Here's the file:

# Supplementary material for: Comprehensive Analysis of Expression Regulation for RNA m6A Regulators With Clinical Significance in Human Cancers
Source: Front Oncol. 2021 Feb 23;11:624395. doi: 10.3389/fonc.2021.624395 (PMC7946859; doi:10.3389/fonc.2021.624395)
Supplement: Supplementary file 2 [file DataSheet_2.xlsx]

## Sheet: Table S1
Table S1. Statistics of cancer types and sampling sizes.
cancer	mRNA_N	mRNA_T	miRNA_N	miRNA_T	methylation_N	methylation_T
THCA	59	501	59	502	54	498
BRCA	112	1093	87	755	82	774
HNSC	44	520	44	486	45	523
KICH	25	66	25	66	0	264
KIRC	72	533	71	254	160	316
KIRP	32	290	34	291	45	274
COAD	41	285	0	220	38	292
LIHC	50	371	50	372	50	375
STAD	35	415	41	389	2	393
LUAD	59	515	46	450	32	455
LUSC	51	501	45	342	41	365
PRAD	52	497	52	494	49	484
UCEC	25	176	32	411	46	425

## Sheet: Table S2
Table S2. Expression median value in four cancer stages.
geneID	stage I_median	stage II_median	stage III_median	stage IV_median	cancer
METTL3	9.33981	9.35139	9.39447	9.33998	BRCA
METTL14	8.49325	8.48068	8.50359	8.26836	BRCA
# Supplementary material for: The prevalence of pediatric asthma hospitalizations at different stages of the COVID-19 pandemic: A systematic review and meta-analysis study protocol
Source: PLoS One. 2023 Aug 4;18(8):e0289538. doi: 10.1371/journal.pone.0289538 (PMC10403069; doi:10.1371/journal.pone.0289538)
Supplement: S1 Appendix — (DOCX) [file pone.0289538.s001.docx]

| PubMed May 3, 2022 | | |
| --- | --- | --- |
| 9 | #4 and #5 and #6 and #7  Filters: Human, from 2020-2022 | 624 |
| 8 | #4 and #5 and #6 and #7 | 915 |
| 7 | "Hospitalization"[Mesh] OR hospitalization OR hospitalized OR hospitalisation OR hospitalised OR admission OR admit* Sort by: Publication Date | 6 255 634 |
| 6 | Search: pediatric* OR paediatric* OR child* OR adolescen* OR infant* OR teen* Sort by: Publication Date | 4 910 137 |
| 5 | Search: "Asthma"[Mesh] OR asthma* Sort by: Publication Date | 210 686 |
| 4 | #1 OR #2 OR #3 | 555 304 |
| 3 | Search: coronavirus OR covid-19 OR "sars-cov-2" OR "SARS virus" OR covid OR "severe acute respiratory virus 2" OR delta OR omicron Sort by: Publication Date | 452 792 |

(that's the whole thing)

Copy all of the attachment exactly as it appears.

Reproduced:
# Supplementary material for: Comprehensive Analysis of Expression Regulation for RNA m6A Regulators With Clinical Significance in Human Cancers
Source: Front Oncol. 2021 Feb 23;11:624395. doi: 10.3389/fonc.2021.624395 (PMC7946859; doi:10.3389/fonc.2021.624395)
Supplement: Supplementary file 2 [file DataSheet_2.xlsx]

## Sheet: Table S1
Table S1. Statistics of cancer types and sampling sizes.
cancer	mRNA_N	mRNA_T	miRNA_N	miRNA_T	methylation_N	methylation_T
THCA	59	501	59	502	54	498
BRCA	112	1093	87	755	82	774
HNSC	44	520	44	486	45	523
KICH	25	66	25	66	0	264
KIRC	72	533	71	254	160	316
KIRP	32	290	34	291	45	274
COAD	41	285	0	220	38	292
LIHC	50	371	50	372	50	375
STAD	35	415	41	389	2	393
LUAD	59	515	46	450	32	455
LUSC	51	501	45	342	41	365
PRAD	52	497	52	494	49	484
UCEC	25	176	32	411	46	425

## Sheet: Table S2
Table S2. Expression median value in four cancer stages.
geneID	stage I_median	stage II_median	stage III_median	stage IV_median	cancer
METTL3	9.33981	9.35139	9.39447	9.33998	BRCA
METTL14	8.49325	8.48068	8.50359	8.26836	BRCA
# Supplementary material for: The prevalence of pediatric asthma hospitalizations at different stages of the COVID-19 pandemic: A systematic review and meta-analysis study protocol
Source: PLoS One. 2023 Aug 4;18(8):e0289538. doi: 10.1371/journal.pone.0289538 (PMC10403069; doi:10.1371/journal.pone.0289538)
Supplement: S1 Appendix — (DOCX) [file pone.0289538.s001.docx]

| PubMed May 3, 2022 | | |
| --- | --- | --- |
| 9 | #4 and #5 and #6 and #7  Filters: Human, from 2020-2022 | 624 |
| 8 | #4 and #5 and #6 and #7 | 915 |
| 7 | "Hospitalization"[Mesh] OR hospitalization OR hospitalized OR hospitalisation OR hospitalised OR admission OR admit* Sort by: Publication Date | 6 255 634 |
| 6 | Search: pediatric* OR paediatric* OR child* OR adolescen* OR infant* OR teen* Sort by: Publication Date | 4 910 137 |
| 5 | Search: "Asthma"[Mesh] OR asthma* Sort by: Publication Date | 210 686 |
| 4 | #1 OR #2 OR #3 | 555 304 |
| 3 | Search: coronavirus OR covid-19 OR "sars-cov-2" OR "SARS virus" OR covid OR "severe acute respiratory virus 2" OR delta OR omicron Sort by: Publication Date | 452 792 |